After We Say Yes To The Tech

February 12, 2016

The holiday season had all of us giving. With increasing popularity – and even seeming necessity - tech gifts were at the top of our children’s wish lists. So now that we’ve settled into the post holiday season and winter is fully upon us, where do we go from here? How do we ensure the device we bought is used well? If we said yes to the tech, how do we make sure that decision isn’t haunting us? It’s worth thinking about.

Giving digital approval to our children and teens for devices, games, apps and social networks needs to be more than a yes, but a process – especially after it is given. Now that the technology is here, we have to determine how we want it in our lives. This evaluation is based on our personal readiness assessment of each child that goes beyond the technology – it includes their schoolwork, social relationships, contribution to the family systems, overall health and their interactions with the other technology in their lives.

Additionally, and perhaps even more critically, we need to assess our own readiness to parent it. We need a moderate level of digital fluency, a good understanding of what is allowed and a clear expectation on how it will be in our lives as individuals and as a family.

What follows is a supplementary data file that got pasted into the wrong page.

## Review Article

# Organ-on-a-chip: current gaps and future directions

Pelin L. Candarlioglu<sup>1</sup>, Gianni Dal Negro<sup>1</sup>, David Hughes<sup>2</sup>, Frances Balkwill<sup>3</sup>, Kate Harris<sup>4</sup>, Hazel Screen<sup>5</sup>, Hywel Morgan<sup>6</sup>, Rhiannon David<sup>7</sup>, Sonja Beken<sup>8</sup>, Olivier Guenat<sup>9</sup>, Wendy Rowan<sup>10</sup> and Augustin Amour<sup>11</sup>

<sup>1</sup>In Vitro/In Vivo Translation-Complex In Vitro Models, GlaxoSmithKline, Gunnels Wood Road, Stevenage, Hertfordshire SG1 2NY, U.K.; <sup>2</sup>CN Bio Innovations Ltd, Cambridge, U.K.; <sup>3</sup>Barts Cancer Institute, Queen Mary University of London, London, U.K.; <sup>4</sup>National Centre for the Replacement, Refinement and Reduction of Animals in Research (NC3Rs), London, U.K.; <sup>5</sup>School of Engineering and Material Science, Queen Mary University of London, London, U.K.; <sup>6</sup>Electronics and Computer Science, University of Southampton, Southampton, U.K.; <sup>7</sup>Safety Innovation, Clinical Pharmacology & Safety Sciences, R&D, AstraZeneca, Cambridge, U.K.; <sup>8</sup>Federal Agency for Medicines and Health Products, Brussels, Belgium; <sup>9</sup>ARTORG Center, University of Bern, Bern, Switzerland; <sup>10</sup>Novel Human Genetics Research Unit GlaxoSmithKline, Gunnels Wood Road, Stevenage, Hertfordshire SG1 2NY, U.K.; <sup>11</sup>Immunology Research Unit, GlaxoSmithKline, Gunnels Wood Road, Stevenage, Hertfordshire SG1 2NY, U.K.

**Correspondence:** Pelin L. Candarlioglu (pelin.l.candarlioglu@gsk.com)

Setting Tech Boundaries

Devices and social networks can certainly be tools for the positive, for the fun, for the useful. But we see this best exemplified when the foundational work has been laid and parents and their young users are willing to set boundaries and engage in conversations that go beyond the introductory, “one and done” discussion, but rather are kept alive and ongoing, changing, deepening, and evolving just as our children and the their technology do. It is our responsibility to teach the ethics and citizenship of all that we allow in our children’s digital engagement as a part of modern day parenting, just as we continue to do away from the screens.

My five children, from second grade to a high school sophomore, are all interacting with technology in their own ways, based on family principles, personal tendencies and tech scaffolding. My thirteen year old son opened an iPhone this Christmas, but will have to wait through an agreed upon trial period before adding social networks. My eleven-year-old daughter got texting privileges on a new device, but as a beginner user can only text with relatives and a small group of predetermined friends for now. This gives them opportunities to do well and have success with the technology and sets them up for a healthy digital life. It also allows me to get a better understanding of their tech tendencies. We can layer, adjust or take a step back as needed. Just because we have access or can give all of the technology in the world to our children at once, doesn’t mean that we should. Saying “yes” should be an act of relative certainty, not an automatic.

With the thousands of youth and families I work with on this very topic, I know for sure that the digital health and well-being is not a one size fits all conversation or solution. We all have differing approaches, uses, tolerances, and tendencies just as we do in our lives beyond the tech. But it is our obligation to lead our families in this space. To do the work it takes to have tech success we must apply the same thoughtfulness and deliberate parenting all along – even months after that gift is unwrapped.

Image courtesy of Flickr.

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